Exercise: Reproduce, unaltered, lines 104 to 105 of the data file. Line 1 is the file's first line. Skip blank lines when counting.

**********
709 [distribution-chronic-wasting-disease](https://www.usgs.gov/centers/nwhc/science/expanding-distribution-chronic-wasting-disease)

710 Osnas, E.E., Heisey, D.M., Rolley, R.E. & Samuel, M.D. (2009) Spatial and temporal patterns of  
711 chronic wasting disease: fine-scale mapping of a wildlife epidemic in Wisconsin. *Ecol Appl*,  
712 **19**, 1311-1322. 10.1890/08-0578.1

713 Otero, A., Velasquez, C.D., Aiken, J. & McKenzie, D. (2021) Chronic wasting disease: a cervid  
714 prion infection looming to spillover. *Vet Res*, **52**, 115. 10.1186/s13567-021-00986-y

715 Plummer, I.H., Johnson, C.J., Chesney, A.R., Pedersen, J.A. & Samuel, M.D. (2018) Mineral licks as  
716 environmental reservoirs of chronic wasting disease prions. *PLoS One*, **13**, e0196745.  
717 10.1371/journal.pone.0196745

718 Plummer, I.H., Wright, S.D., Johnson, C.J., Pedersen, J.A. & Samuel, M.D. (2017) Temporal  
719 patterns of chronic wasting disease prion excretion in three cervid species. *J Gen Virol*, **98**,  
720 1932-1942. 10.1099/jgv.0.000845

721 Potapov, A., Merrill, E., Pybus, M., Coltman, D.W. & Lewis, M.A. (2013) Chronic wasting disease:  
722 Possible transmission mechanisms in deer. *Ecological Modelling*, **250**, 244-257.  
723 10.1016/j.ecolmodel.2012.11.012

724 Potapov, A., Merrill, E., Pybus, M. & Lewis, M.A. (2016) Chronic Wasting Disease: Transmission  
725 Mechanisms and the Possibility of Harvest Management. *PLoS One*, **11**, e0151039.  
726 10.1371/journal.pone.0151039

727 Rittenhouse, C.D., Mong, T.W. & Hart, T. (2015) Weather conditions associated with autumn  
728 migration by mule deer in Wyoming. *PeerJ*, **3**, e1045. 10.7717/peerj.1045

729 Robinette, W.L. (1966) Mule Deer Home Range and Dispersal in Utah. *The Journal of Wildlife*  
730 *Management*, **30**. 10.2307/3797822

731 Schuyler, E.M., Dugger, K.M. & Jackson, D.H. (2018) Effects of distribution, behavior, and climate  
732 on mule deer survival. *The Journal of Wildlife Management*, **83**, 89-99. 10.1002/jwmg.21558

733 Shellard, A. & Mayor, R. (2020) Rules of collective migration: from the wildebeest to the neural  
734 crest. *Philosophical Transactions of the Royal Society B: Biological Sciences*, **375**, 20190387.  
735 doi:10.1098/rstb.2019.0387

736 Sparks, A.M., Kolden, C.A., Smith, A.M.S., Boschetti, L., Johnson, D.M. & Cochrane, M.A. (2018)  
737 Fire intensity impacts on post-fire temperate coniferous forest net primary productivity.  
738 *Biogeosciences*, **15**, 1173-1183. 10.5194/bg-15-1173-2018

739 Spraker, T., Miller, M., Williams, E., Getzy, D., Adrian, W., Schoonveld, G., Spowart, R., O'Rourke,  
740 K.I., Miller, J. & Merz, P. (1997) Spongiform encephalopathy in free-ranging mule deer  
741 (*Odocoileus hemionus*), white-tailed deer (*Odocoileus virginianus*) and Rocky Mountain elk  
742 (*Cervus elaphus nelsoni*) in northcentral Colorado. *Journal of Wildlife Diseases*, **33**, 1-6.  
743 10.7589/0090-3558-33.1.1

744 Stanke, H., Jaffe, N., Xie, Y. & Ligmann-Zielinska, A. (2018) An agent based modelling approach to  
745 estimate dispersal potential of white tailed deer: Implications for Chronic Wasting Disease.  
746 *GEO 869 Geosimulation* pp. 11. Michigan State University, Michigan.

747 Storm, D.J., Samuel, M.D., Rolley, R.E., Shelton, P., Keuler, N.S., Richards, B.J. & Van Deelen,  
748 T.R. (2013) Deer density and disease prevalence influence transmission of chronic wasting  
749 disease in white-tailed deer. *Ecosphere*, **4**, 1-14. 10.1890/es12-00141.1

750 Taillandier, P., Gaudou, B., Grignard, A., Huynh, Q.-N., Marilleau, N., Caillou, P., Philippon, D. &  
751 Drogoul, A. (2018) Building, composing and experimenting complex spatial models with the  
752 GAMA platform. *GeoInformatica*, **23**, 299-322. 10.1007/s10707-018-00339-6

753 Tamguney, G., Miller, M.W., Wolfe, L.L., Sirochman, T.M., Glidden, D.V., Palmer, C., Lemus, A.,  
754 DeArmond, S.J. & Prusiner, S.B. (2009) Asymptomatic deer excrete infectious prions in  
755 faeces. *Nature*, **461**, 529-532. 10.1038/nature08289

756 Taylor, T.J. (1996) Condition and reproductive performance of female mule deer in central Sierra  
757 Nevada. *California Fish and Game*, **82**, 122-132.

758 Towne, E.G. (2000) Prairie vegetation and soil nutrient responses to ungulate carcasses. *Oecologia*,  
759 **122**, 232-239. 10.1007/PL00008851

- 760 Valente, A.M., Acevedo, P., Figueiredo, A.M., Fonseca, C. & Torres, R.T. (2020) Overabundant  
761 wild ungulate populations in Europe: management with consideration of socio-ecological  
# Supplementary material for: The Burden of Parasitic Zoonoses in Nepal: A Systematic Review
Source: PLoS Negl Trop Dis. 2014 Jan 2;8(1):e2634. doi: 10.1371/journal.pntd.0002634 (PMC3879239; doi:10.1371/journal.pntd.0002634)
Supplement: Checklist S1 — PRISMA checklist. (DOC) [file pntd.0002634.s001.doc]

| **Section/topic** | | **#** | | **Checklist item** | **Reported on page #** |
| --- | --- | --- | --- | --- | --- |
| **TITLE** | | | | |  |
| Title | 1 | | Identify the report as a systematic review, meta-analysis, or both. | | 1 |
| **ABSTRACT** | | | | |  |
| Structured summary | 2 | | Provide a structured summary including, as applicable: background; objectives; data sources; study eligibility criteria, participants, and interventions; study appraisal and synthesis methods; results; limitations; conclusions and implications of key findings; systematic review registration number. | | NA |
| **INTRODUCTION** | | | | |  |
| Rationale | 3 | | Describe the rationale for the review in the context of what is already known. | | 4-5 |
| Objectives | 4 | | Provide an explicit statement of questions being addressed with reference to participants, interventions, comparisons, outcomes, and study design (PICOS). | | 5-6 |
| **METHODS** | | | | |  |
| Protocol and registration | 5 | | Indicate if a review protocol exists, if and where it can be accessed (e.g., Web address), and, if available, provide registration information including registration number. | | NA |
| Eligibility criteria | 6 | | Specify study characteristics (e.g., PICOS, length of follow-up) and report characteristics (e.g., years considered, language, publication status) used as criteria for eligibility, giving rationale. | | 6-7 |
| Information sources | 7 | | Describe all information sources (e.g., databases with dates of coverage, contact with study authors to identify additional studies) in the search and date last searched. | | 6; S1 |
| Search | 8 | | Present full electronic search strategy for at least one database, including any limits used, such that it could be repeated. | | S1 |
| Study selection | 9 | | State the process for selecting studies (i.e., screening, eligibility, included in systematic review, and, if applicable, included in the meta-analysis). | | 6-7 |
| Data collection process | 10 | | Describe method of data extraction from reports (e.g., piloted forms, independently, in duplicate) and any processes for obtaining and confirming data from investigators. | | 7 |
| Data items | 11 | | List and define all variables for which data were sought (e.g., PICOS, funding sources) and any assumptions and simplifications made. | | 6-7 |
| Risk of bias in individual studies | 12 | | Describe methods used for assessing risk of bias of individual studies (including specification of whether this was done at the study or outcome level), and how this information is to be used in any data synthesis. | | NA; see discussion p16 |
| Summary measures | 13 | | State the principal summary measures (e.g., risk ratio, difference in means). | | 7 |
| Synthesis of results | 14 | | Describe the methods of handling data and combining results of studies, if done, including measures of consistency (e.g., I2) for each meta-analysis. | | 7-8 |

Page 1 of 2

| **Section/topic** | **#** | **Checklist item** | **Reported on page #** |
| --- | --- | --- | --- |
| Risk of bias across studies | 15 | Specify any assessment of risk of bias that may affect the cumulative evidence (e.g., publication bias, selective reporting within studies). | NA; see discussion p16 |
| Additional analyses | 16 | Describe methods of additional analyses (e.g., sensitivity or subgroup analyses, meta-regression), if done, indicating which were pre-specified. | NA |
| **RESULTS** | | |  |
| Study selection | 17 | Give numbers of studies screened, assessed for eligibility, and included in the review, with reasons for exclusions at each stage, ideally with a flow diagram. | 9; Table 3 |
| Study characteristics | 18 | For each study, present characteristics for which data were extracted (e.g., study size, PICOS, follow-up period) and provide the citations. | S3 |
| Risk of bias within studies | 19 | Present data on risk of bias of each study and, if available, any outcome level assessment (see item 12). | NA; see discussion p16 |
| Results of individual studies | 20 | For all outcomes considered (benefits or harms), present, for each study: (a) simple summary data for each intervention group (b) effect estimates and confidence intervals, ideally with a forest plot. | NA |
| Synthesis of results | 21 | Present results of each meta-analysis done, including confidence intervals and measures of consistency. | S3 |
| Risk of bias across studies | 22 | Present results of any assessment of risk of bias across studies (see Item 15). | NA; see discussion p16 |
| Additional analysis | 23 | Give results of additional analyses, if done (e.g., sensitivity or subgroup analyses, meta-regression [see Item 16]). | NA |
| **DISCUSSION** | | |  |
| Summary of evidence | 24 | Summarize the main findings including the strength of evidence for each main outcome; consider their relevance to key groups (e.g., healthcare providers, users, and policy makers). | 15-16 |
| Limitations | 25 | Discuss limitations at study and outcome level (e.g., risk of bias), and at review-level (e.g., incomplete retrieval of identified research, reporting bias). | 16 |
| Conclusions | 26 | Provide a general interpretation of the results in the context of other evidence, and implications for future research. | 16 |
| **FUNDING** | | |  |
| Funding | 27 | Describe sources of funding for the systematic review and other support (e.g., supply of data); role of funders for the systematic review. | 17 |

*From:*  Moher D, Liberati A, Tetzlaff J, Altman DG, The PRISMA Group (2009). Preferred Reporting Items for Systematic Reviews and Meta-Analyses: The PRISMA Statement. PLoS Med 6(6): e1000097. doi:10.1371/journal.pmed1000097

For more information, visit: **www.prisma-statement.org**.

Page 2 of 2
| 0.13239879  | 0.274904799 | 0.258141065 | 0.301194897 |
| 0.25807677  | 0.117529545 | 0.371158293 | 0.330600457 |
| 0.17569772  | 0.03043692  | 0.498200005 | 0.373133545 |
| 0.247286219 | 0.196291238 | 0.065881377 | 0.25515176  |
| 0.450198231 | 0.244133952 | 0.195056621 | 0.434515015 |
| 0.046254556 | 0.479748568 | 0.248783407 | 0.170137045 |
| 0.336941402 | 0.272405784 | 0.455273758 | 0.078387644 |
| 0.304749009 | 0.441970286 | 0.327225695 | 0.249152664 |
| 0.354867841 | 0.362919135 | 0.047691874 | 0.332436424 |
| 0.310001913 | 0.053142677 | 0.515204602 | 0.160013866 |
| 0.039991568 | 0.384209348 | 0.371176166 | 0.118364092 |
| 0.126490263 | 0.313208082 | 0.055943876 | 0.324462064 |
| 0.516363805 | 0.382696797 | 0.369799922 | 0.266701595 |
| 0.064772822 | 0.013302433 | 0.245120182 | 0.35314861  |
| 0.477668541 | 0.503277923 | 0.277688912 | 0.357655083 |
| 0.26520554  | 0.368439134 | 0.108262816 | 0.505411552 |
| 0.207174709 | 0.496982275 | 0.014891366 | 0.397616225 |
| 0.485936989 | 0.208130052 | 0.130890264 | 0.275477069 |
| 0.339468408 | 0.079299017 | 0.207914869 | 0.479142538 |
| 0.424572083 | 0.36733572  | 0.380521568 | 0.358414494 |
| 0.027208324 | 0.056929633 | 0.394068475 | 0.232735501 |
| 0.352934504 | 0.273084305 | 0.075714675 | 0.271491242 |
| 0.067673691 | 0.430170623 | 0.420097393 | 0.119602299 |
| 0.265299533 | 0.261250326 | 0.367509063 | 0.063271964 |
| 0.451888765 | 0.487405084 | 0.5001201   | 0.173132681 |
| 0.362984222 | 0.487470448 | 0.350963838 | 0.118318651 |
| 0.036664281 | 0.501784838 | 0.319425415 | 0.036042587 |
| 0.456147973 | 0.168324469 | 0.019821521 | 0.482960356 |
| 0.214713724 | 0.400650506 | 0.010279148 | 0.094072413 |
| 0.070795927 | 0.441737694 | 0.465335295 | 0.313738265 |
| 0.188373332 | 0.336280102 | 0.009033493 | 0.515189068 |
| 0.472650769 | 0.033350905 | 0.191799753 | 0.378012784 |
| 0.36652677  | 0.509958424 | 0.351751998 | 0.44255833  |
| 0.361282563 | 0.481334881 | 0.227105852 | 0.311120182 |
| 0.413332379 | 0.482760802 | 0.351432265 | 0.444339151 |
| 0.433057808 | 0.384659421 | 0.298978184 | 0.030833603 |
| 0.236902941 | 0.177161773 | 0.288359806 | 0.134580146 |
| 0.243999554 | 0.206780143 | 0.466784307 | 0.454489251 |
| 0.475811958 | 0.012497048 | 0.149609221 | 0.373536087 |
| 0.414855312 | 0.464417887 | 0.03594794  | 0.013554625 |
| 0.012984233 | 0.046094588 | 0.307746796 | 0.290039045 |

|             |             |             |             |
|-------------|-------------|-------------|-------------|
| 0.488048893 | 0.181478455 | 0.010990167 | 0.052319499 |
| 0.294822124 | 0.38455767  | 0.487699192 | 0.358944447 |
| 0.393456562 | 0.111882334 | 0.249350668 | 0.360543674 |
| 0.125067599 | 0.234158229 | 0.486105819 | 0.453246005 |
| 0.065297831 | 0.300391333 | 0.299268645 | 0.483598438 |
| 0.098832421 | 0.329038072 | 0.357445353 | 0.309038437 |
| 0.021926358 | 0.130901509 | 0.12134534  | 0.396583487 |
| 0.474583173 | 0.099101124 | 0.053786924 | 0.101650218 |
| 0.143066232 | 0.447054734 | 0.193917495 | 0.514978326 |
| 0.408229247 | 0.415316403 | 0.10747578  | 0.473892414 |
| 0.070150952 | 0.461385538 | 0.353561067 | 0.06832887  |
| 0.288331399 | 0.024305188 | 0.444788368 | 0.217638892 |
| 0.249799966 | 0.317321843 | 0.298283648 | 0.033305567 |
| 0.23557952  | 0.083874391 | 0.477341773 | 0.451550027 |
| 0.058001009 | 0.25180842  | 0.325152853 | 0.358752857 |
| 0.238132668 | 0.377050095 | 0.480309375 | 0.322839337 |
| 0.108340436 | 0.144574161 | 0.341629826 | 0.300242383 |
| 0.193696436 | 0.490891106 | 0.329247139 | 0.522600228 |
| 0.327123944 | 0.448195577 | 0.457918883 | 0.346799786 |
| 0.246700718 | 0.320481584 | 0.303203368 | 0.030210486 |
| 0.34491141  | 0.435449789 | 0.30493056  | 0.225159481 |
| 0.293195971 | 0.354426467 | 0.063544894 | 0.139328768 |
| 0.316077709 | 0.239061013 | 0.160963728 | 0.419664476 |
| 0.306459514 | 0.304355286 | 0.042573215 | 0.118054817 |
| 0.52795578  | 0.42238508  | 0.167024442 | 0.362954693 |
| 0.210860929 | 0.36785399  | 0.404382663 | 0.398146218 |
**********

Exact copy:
| 0.046254556 | 0.479748568 | 0.248783407 | 0.170137045 |
| 0.336941402 | 0.272405784 | 0.455273758 | 0.078387644 |